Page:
ANANTH SHENOY writes: On Friday, April 20, I went to ICICI Bank and was shocked to see a notice on the glass door that read: “Today no banking transactions, Only Gold Coin Sale (Akshaya Thrithiya).”
Amused, I checked with an official, who confirmed it.
Though Akshaya Trithiya is an age-old ritual and an occasion to buy gold (don’t know whether platinum is a good investment), it’s only a few years ago that some smart jeweller turned into a high-profit business proposition.
With banks and non-banking institutions like Reliance Money also taking it up, genuine banking customers have to give way to gold shoppers. Should we be surprised if, in future, ICICI puts up a notice that says: “Today no banking transactions, only Fish sales”?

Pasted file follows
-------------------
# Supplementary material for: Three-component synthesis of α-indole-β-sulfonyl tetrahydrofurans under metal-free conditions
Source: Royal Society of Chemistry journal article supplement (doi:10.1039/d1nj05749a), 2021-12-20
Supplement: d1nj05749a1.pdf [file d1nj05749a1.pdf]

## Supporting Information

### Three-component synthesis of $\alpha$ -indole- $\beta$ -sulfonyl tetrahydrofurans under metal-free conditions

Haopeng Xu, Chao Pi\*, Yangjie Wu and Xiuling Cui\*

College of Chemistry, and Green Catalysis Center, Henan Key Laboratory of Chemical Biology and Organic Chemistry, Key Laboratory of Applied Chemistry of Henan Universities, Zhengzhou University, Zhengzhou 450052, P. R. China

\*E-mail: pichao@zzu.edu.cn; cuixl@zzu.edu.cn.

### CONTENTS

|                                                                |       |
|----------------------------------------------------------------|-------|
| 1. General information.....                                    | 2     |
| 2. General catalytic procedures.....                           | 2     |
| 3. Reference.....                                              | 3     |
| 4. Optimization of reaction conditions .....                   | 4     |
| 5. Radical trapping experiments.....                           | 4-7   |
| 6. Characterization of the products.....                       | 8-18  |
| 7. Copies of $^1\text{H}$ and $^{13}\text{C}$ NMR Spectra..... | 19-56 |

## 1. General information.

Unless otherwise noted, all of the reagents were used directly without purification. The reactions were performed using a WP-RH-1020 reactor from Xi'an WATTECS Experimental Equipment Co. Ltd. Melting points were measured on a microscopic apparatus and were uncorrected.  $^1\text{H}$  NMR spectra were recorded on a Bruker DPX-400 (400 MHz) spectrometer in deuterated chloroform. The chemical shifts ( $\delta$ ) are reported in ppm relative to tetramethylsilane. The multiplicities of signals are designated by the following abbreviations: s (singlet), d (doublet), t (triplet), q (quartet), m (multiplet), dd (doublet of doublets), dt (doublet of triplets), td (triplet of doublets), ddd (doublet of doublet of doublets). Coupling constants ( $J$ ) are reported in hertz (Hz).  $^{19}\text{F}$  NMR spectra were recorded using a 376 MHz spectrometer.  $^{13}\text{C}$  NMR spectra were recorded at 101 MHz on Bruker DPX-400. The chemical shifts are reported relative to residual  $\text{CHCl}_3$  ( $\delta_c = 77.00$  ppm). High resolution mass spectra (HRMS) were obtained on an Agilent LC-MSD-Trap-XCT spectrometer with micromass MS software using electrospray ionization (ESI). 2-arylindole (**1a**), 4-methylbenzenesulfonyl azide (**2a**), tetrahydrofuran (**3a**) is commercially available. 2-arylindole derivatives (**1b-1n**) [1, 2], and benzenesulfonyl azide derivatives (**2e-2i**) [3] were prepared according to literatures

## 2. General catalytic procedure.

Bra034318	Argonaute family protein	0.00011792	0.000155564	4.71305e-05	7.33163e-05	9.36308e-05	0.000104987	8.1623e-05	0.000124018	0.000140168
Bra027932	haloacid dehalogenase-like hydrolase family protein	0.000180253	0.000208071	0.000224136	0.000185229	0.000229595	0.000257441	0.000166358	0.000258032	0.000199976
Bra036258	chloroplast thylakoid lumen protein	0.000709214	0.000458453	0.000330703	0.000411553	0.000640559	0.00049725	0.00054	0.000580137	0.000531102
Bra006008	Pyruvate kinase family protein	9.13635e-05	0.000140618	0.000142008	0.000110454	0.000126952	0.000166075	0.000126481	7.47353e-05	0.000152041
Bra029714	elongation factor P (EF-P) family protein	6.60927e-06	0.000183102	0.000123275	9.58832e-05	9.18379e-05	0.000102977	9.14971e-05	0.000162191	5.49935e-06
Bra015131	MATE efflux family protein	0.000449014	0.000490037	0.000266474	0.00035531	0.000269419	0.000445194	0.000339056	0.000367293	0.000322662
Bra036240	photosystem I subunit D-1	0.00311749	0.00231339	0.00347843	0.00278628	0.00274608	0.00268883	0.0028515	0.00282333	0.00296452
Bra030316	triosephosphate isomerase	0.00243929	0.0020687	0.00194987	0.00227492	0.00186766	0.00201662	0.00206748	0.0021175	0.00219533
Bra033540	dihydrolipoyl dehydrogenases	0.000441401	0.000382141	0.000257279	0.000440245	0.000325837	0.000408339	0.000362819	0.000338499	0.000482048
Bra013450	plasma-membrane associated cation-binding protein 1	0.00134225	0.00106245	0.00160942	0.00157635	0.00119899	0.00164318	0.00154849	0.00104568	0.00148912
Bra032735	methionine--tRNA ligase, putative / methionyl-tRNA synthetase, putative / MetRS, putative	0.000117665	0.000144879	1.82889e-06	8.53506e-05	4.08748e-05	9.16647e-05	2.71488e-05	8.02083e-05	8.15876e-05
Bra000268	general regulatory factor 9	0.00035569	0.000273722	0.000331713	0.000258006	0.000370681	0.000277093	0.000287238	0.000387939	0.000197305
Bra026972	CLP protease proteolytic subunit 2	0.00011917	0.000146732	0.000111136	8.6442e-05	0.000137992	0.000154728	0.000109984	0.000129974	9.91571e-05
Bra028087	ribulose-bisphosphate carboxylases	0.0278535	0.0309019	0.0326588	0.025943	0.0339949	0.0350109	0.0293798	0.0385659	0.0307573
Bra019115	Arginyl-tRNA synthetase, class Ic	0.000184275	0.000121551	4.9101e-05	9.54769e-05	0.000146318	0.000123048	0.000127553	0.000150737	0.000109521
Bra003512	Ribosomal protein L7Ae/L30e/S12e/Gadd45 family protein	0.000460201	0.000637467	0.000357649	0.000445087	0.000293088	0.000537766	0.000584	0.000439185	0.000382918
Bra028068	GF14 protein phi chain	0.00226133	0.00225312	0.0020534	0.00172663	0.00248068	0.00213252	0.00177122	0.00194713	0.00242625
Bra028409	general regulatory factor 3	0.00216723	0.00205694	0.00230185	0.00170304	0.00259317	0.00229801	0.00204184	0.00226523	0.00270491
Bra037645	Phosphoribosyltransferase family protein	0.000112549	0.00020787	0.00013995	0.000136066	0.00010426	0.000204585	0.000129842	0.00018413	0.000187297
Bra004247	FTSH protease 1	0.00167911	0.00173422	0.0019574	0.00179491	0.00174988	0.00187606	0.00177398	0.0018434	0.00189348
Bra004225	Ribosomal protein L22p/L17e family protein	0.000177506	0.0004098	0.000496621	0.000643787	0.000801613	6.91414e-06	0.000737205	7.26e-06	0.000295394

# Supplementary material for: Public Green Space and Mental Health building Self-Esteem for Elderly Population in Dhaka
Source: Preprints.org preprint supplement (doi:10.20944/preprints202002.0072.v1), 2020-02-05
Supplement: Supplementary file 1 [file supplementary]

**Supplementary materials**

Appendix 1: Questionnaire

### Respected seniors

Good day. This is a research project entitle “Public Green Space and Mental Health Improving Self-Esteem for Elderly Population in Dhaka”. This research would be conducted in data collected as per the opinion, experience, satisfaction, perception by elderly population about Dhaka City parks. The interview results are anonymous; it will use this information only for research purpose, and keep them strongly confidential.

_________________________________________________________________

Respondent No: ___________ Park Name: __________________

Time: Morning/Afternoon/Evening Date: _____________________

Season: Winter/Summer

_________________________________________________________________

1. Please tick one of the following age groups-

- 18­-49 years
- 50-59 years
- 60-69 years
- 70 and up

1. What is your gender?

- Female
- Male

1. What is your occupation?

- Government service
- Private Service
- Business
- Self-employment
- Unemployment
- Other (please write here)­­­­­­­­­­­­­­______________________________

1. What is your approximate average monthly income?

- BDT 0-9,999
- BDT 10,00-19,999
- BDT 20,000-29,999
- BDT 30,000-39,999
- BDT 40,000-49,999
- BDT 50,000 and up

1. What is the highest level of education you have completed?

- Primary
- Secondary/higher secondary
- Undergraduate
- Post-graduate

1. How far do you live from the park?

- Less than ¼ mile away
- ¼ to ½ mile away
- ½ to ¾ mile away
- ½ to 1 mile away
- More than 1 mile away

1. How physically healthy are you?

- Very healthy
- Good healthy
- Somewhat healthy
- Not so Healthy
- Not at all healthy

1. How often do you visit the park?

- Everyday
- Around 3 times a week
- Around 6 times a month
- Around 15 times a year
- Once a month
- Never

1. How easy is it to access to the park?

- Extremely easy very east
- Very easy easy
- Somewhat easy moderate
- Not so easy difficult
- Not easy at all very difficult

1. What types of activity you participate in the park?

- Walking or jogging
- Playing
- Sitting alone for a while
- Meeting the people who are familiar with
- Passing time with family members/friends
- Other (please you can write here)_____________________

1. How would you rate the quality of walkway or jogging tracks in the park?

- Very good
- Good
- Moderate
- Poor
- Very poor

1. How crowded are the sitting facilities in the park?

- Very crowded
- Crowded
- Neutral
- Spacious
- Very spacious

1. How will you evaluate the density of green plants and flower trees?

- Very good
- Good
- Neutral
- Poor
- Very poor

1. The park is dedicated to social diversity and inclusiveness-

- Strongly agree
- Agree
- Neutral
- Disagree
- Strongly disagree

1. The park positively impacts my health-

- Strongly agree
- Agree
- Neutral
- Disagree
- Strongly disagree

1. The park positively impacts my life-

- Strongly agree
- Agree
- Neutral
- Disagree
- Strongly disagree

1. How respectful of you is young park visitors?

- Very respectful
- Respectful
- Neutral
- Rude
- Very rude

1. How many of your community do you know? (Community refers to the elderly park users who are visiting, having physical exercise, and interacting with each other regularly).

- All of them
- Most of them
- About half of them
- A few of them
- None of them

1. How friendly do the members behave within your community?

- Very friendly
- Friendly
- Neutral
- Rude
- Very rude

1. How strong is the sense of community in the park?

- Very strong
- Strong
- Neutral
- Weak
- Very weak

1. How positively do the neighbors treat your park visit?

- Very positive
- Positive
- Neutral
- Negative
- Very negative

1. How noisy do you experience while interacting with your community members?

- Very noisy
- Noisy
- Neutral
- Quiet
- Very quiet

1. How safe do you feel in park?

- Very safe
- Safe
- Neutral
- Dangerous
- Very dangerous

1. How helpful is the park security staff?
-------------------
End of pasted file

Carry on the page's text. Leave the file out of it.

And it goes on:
What is the primary purpose of a bank? And who is its primary customer: an account holder with her varied needs or a shopper looking to making a killing through the rest of the year by buying a spot of gold?
Can banks become “shops” as and when they please, selling gold, mutual funds, insurance, and any other “product” where there is money to be made? Can they close “shop” as and when they please? Would we so quietly walk away if a public sector bank had said “No Transactions Today”?